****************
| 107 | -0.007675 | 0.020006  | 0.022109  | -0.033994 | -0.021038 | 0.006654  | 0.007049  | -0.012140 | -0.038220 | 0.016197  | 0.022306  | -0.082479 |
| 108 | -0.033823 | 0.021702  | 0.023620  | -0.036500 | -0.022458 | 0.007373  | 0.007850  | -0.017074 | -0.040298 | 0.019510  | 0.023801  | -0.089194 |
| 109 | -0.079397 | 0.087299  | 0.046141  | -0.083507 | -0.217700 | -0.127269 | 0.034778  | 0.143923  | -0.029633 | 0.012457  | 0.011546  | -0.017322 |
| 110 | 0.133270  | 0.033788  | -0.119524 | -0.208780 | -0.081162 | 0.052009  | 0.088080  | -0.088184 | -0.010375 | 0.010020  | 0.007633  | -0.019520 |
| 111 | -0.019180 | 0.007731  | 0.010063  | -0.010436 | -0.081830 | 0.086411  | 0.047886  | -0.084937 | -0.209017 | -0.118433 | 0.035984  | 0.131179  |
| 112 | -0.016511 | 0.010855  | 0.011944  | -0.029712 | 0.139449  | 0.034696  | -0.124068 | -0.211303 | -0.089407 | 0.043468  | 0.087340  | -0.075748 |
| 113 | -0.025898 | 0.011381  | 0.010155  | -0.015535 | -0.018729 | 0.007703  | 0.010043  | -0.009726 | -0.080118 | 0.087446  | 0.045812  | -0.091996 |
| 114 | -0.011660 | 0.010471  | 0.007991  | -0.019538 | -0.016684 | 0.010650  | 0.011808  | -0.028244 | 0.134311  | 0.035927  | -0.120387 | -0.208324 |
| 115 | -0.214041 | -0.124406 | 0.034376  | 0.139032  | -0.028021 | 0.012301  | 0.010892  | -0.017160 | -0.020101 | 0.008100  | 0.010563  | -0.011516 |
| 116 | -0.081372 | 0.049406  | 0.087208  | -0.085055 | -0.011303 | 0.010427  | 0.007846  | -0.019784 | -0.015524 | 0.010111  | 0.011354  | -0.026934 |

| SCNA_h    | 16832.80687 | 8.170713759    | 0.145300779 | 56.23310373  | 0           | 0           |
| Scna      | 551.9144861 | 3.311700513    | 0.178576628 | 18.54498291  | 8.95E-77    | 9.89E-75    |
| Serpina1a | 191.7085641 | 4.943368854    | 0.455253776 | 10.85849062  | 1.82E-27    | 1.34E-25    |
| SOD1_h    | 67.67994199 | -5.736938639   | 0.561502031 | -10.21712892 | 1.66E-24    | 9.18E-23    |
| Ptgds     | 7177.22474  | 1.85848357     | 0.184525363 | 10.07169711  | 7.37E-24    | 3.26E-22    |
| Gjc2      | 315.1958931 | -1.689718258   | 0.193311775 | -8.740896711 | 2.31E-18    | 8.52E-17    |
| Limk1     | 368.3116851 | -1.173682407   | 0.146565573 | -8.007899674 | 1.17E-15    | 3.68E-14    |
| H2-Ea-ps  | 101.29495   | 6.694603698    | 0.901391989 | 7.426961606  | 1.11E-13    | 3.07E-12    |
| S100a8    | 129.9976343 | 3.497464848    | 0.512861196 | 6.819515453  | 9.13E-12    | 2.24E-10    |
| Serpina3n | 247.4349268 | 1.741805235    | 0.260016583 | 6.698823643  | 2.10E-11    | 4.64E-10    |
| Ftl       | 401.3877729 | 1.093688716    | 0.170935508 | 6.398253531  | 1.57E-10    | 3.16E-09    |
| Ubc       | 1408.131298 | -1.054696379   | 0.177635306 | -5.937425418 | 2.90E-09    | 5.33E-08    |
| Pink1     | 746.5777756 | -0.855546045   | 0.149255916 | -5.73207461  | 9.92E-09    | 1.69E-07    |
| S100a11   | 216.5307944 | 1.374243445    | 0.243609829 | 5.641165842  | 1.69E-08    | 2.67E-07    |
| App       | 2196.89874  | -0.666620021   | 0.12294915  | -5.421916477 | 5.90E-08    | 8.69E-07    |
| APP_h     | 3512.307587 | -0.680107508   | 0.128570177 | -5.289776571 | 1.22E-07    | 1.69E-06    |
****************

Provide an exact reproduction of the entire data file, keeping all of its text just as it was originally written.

| 107 | -0.007675 | 0.020006  | 0.022109  | -0.033994 | -0.021038 | 0.006654  | 0.007049  | -0.012140 | -0.038220 | 0.016197  | 0.022306  | -0.082479 |
| 108 | -0.033823 | 0.021702  | 0.023620  | -0.036500 | -0.022458 | 0.007373  | 0.007850  | -0.017074 | -0.040298 | 0.019510  | 0.023801  | -0.089194 |
| 109 | -0.079397 | 0.087299  | 0.046141  | -0.083507 | -0.217700 | -0.127269 | 0.034778  | 0.143923  | -0.029633 | 0.012457  | 0.011546  | -0.017322 |
| 110 | 0.133270  | 0.033788  | -0.119524 | -0.208780 | -0.081162 | 0.052009  | 0.088080  | -0.088184 | -0.010375 | 0.010020  | 0.007633  | -0.019520 |
| 111 | -0.019180 | 0.007731  | 0.010063  | -0.010436 | -0.081830 | 0.086411  | 0.047886  | -0.084937 | -0.209017 | -0.118433 | 0.035984  | 0.131179  |
| 112 | -0.016511 | 0.010855  | 0.011944  | -0.029712 | 0.139449  | 0.034696  | -0.124068 | -0.211303 | -0.089407 | 0.043468  | 0.087340  | -0.075748 |
| 113 | -0.025898 | 0.011381  | 0.010155  | -0.015535 | -0.018729 | 0.007703  | 0.010043  | -0.009726 | -0.080118 | 0.087446  | 0.045812  | -0.091996 |
| 114 | -0.011660 | 0.010471  | 0.007991  | -0.019538 | -0.016684 | 0.010650  | 0.011808  | -0.028244 | 0.134311  | 0.035927  | -0.120387 | -0.208324 |
| 115 | -0.214041 | -0.124406 | 0.034376  | 0.139032  | -0.028021 | 0.012301  | 0.010892  | -0.017160 | -0.020101 | 0.008100  | 0.010563  | -0.011516 |
| 116 | -0.081372 | 0.049406  | 0.087208  | -0.085055 | -0.011303 | 0.010427  | 0.007846  | -0.019784 | -0.015524 | 0.010111  | 0.011354  | -0.026934 |

| SCNA_h    | 16832.80687 | 8.170713759    | 0.145300779 | 56.23310373  | 0           | 0           |
| Scna      | 551.9144861 | 3.311700513    | 0.178576628 | 18.54498291  | 8.95E-77    | 9.89E-75    |
| Serpina1a | 191.7085641 | 4.943368854    | 0.455253776 | 10.85849062  | 1.82E-27    | 1.34E-25    |
| SOD1_h    | 67.67994199 | -5.736938639   | 0.561502031 | -10.21712892 | 1.66E-24    | 9.18E-23    |
| Ptgds     | 7177.22474  | 1.85848357     | 0.184525363 | 10.07169711  | 7.37E-24    | 3.26E-22    |
| Gjc2      | 315.1958931 | -1.689718258   | 0.193311775 | -8.740896711 | 2.31E-18    | 8.52E-17    |
| Limk1     | 368.3116851 | -1.173682407   | 0.146565573 | -8.007899674 | 1.17E-15    | 3.68E-14    |
| H2-Ea-ps  | 101.29495   | 6.694603698    | 0.901391989 | 7.426961606  | 1.11E-13    | 3.07E-12    |
| S100a8    | 129.9976343 | 3.497464848    | 0.512861196 | 6.819515453  | 9.13E-12    | 2.24E-10    |
| Serpina3n | 247.4349268 | 1.741805235    | 0.260016583 | 6.698823643  | 2.10E-11    | 4.64E-10    |
| Ftl       | 401.3877729 | 1.093688716    | 0.170935508 | 6.398253531  | 1.57E-10    | 3.16E-09    |
| Ubc       | 1408.131298 | -1.054696379   | 0.177635306 | -5.937425418 | 2.90E-09    | 5.33E-08    |
| Pink1     | 746.5777756 | -0.855546045   | 0.149255916 | -5.73207461  | 9.92E-09    | 1.69E-07    |
| S100a11   | 216.5307944 | 1.374243445    | 0.243609829 | 5.641165842  | 1.69E-08    | 2.67E-07    |
| App       | 2196.89874  | -0.666620021   | 0.12294915  | -5.421916477 | 5.90E-08    | 8.69E-07    |
| APP_h     | 3512.307587 | -0.680107508   | 0.128570177 | -5.289776571 | 1.22E-07    | 1.69E-06    |